By Jim McLaren
For the Oregon Beer Growler
Jammie Taylor, Tim Schaaf and Emerson Lenon are posing for a picture in an empty 5,700-square-foot warehouse. On the wall behind them, and brewery dog Kava, there is a splash of blackboard paint. Faintly written there, but unseen in the photo, is what the trio hopes will fill this space (and realize their dreams): beer.
“What Tim said the other night,” Jammie remembers, “was really good. I just want people to taste my beer. Successful is people knowing your beer is good.”
As does beer, this dream began in hot water. Emerson and Tim were sitting in a natural hot springs one night drinking good beer with some friends. “We thought we should try to make something like this. We got a little kit and started making beer.” Emerson boasts “people drank it faster that we could make it. Tim talked about making as much as we possibly could and it never was enough. That gave us the courage to take the risk.”
This trio is used to taking chances, together and separately. Emerson and Tim met as undergraduates at Lewis and Clark College. Emerson had moved to Portland from Montana and Tim from Michigan. Tim stayed in Portland, graduated and became a printer. Emerson moved south, earning a degree in philosophy from the University of Canterbury in New Zealand.
Jammie is an Air Force brat born in Germany and raised in several states and three countries. She had graduated college and was living in Hawaii when she met Emerson. The pairing stuck and they moved back to Montana. The trio re-formed when Emerson got into Lewis and Clark law school. He is a practicing attorney and Jammie has a master’s degree and is a school counselor.
Why sidestep careers and dive into beer? “Why not?” Jammie asks. “We’re young. We’ve limited our risk. We have a series of investors who’ve only put in the money that they are able to afford. So it’s not like anyone’s going bankrupt if it doesn’t work. And if it does work, how amazing would it be to be brewers? I think it is that American Dream.”
For a better chance at success, Emerson says, they went to bartenders to find out what people are drinking. “In this market, IPAs dominate.” But there have been some taste shifts. “People want lighter beers, pilsners, kölsch-style ale, traditional saisons that are lower in alcohol content.”
It is those beers Tim has been studying. His IPA will be “bright, bold — with big hop punch and a smooth citrusy finish.” The saison aims for a lighter body and the kölsch will be a “lower ABV ale with a light body and a dry finish.”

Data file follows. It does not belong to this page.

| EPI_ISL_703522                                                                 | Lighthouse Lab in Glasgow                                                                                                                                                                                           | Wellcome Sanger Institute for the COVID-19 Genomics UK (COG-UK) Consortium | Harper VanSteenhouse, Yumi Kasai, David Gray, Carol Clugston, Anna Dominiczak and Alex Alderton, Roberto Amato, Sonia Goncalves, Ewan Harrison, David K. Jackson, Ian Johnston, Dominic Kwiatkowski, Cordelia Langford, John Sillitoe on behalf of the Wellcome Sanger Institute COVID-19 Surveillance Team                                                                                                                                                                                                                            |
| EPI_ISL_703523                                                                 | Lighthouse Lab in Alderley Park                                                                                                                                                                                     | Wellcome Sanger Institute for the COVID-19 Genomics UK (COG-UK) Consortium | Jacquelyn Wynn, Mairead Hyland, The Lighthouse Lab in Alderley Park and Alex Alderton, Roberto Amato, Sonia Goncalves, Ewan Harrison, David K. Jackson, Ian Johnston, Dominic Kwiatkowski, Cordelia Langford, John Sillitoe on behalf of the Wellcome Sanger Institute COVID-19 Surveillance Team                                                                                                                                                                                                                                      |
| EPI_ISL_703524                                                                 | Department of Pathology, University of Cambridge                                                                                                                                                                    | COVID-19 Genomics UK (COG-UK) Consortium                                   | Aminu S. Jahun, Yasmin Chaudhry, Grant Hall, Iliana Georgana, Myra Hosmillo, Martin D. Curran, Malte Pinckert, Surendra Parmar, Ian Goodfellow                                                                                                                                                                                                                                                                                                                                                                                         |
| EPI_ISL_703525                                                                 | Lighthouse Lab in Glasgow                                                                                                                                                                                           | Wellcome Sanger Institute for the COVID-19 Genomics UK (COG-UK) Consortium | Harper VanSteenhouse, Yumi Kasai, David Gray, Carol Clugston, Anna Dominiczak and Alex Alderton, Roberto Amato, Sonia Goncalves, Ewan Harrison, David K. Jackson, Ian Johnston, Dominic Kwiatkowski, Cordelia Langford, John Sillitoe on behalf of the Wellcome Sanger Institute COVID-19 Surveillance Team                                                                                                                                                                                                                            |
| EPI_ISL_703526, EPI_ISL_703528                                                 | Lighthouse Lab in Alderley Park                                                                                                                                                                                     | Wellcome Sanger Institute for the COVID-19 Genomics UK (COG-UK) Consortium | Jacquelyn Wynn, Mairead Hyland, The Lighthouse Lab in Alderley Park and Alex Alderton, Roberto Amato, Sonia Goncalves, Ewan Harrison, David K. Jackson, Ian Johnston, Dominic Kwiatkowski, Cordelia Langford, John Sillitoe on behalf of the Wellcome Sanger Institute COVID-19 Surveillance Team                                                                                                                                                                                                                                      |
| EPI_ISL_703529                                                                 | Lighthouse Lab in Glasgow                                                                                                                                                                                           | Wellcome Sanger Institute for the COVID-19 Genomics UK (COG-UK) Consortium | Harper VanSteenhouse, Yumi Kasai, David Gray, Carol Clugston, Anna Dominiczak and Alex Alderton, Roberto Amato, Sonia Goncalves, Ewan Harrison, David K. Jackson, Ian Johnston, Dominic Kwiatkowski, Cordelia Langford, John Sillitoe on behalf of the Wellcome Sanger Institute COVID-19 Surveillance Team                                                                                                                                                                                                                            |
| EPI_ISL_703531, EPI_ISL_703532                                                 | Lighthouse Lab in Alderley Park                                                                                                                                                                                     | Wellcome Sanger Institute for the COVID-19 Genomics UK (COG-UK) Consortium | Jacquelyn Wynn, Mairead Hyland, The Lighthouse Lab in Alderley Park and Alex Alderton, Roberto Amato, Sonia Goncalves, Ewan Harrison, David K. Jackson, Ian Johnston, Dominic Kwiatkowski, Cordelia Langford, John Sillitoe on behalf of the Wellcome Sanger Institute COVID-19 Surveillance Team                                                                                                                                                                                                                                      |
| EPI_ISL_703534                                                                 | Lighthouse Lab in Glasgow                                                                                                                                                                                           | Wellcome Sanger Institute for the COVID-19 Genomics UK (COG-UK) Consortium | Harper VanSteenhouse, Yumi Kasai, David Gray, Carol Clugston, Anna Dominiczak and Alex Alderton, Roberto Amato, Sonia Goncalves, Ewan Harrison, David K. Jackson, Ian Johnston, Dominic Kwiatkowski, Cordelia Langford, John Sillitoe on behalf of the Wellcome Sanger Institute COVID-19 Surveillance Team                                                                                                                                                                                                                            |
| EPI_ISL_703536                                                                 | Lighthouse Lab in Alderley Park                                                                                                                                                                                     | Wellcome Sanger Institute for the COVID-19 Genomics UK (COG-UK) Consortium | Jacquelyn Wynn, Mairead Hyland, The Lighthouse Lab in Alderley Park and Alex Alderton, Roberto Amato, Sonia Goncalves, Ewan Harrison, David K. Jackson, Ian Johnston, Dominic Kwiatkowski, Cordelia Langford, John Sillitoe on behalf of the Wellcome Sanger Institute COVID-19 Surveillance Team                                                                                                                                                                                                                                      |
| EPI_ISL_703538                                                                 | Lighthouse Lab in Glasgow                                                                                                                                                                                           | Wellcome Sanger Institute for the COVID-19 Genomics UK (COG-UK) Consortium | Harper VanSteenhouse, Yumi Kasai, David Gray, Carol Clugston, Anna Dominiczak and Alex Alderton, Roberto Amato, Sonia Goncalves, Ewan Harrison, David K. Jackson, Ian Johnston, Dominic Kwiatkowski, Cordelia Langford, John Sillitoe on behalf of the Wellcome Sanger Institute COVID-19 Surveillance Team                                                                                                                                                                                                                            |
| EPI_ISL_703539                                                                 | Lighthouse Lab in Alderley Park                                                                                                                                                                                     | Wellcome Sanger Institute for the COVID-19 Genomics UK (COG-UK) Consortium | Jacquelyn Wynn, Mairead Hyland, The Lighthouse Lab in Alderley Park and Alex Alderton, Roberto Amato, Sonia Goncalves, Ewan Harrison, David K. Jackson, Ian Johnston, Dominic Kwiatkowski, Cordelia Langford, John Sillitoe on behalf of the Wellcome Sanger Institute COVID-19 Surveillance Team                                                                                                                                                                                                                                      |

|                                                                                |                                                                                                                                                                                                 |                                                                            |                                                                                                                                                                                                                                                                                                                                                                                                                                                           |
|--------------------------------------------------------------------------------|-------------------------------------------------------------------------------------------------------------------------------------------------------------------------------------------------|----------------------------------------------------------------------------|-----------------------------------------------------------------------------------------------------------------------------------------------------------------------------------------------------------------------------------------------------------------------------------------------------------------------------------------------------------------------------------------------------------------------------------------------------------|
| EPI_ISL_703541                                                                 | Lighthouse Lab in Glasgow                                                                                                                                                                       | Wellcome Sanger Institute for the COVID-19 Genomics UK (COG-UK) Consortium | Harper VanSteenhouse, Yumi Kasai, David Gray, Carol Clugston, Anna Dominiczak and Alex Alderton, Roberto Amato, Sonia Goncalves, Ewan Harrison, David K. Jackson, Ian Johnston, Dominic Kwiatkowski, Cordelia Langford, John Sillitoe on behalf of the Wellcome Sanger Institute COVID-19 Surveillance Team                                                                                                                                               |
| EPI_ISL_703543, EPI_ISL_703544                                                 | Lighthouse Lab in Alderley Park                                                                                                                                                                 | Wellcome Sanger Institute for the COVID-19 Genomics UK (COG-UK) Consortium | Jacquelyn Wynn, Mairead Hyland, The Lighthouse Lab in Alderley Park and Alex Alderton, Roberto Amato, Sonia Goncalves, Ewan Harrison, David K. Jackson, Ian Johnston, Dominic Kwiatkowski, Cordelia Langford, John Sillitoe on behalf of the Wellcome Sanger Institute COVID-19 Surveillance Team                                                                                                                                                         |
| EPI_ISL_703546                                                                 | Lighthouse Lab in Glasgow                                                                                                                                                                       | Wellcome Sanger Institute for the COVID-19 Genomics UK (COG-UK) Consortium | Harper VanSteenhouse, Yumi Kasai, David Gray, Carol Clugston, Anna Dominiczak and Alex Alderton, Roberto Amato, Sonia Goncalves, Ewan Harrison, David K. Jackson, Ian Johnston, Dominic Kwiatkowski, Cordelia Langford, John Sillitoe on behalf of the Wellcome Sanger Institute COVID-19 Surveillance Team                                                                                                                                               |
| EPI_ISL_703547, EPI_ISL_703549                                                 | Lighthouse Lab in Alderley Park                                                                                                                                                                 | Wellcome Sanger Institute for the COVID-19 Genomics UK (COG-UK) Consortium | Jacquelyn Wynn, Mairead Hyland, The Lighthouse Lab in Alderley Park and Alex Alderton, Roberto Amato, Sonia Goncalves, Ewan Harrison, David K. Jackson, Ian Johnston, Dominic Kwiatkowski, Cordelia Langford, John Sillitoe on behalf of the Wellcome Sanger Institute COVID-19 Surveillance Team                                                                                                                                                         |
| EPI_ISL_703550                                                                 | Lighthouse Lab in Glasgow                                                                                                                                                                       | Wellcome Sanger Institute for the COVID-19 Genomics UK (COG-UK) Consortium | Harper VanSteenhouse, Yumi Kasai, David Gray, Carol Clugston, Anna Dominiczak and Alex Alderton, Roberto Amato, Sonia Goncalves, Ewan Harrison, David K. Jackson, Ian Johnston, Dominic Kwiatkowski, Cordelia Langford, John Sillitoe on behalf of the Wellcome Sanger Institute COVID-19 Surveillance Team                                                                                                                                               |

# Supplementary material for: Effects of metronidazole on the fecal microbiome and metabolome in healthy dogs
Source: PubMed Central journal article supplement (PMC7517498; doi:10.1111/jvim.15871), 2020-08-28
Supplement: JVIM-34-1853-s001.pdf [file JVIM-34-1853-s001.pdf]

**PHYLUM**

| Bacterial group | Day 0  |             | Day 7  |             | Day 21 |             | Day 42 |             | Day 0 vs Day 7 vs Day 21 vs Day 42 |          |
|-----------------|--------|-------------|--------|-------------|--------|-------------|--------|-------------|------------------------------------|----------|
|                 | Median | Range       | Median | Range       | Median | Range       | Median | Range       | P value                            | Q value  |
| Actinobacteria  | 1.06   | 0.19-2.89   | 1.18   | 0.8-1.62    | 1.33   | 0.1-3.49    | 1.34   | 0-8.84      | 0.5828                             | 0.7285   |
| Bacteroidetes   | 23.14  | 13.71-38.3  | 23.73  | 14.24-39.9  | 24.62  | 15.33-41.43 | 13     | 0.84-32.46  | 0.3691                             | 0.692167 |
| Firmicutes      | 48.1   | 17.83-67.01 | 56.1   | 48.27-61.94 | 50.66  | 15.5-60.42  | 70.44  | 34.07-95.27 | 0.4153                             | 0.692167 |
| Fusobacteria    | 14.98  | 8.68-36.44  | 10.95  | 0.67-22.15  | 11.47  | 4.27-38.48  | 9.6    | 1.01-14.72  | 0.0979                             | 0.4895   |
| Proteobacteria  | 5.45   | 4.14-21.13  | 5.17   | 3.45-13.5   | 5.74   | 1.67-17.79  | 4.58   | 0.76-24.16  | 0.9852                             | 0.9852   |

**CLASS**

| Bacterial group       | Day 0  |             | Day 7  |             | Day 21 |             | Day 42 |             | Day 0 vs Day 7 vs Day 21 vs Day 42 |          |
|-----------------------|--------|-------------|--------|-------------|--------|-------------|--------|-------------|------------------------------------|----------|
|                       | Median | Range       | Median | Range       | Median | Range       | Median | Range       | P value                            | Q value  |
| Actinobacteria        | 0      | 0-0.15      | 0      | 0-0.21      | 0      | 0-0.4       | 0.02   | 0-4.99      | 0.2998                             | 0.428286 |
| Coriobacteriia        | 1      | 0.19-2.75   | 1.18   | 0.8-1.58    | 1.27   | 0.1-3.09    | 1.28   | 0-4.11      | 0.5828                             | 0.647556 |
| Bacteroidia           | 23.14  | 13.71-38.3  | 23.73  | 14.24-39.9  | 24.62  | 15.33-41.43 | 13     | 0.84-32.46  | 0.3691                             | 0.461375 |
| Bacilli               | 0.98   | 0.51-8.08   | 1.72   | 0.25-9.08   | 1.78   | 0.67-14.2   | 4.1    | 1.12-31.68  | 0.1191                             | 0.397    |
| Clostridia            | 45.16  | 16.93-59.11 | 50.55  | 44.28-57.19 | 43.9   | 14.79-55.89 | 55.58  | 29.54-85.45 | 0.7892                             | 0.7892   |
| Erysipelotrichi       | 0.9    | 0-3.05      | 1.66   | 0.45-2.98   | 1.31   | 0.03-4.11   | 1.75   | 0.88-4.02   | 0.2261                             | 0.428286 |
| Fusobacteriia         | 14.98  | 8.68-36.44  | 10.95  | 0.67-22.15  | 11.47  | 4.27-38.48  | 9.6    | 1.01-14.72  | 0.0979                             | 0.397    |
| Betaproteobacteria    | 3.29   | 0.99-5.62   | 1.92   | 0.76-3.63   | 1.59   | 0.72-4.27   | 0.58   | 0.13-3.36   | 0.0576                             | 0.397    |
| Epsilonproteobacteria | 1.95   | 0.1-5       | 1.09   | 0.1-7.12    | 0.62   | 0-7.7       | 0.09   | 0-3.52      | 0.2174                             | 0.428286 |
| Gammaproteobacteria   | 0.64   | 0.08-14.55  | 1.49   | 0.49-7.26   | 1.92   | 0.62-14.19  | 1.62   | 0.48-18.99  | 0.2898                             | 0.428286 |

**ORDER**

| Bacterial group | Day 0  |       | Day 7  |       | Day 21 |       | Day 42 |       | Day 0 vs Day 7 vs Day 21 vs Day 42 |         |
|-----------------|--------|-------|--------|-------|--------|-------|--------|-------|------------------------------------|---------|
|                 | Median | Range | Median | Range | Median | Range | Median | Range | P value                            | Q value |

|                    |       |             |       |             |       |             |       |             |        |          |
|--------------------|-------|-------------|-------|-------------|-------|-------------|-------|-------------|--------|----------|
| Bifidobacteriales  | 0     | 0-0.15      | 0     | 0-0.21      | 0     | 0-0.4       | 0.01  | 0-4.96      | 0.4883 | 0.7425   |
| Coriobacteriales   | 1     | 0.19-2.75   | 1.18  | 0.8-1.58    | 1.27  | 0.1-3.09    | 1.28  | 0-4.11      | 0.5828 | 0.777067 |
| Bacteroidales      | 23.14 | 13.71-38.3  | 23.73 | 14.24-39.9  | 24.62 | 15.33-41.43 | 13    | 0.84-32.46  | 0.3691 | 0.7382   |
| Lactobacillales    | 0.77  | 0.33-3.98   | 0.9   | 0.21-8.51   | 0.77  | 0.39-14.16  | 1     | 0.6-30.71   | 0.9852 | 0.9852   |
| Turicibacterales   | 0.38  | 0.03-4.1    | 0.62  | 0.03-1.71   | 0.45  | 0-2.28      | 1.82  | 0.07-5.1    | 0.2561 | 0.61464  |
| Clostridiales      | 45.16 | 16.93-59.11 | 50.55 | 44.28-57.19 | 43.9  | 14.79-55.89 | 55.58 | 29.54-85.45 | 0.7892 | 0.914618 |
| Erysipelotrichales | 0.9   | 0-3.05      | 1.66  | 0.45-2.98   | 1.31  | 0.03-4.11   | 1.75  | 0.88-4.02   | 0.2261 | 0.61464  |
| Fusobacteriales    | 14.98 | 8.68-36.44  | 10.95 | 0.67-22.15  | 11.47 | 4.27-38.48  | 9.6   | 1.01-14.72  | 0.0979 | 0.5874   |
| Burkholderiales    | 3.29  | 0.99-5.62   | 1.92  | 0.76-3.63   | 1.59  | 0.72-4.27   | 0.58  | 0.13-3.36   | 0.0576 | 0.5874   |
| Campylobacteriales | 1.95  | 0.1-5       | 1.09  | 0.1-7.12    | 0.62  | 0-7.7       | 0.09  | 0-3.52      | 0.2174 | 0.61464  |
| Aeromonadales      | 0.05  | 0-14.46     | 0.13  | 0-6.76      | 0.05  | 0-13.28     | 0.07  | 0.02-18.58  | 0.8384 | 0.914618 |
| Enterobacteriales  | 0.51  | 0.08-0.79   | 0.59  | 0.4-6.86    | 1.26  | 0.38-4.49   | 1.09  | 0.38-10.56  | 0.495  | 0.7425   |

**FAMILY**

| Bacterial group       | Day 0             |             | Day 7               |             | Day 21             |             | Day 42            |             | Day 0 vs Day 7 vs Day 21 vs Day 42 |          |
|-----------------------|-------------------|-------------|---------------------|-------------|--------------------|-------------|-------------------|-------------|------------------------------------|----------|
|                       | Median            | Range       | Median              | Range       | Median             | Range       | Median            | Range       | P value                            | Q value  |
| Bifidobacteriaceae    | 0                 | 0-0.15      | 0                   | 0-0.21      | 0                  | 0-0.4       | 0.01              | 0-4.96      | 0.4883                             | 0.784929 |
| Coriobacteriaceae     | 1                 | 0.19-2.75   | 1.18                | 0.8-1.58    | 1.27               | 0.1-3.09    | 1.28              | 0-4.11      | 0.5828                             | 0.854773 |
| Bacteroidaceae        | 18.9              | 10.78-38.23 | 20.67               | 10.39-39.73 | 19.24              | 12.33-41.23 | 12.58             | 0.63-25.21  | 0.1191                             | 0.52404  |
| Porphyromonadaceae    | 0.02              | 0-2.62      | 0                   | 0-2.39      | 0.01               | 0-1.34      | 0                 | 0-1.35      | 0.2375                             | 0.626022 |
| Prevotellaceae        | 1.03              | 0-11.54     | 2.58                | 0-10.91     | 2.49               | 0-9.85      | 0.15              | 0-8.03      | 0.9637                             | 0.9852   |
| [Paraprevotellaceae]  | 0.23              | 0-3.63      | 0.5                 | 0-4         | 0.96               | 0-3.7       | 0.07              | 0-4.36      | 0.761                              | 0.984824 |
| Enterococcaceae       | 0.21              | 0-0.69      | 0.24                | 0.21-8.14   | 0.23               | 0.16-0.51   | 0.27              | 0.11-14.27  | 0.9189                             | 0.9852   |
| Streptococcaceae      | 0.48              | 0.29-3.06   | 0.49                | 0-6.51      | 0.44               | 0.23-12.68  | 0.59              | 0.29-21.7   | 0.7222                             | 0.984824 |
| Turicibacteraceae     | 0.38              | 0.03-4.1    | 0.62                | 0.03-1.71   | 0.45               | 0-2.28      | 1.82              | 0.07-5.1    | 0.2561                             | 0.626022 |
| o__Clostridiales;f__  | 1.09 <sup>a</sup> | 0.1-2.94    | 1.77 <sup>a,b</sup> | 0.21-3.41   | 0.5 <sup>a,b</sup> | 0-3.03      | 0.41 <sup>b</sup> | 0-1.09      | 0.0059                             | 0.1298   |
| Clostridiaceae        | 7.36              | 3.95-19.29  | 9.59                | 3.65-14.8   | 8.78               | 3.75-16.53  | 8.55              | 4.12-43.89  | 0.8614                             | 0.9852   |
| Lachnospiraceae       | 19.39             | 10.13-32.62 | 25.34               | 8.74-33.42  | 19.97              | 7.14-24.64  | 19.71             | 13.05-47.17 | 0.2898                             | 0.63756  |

While Tim tweaked his recipes, Emerson did what lawyers do — looked for ways to insure a solid shot at success. “My dad owned his own business and I kind of learned from him some of the pitfalls, the ins and outs, and that kind of gave us a leg up in the beginning. One of the people who invested in the company has been involved in startups. He had a lot of good feedback as well.” He says he also learned by reading the blogs of other new breweries and by seeking advice from state and federal regulators.
The empty warehouse off Highway 212 in Clackamas County, with “beer” written in chalk on the wall, already has power and water. Gas hookups are coming, as are two 15-barrel fermenters and a 15-barrel bright tank. The first beer out of those tanks could be coming to those taps within a 15-mile radius of the Drinking Horse brewery this spring and the Horse’s own taproom.
As you sip one of these new beers you might ask, “Why the name Drinking Horse, Emerson?” “Well, it’s kind of evocative of our Western roots -- of the watering hole, of stopping on your trip of whatever journey you’re on.” And wouldn’t it be good for business if some of those trips were being made by the folks working in the warehouses straddling Highway 212 in that part of the county? “There are a lot of people here,” Emerson points out. And Jammie adds, “That’d be great to have regulars.”
Drinking Horse Brewing Company
[a] 11517 SE Highway 212, Clackamas
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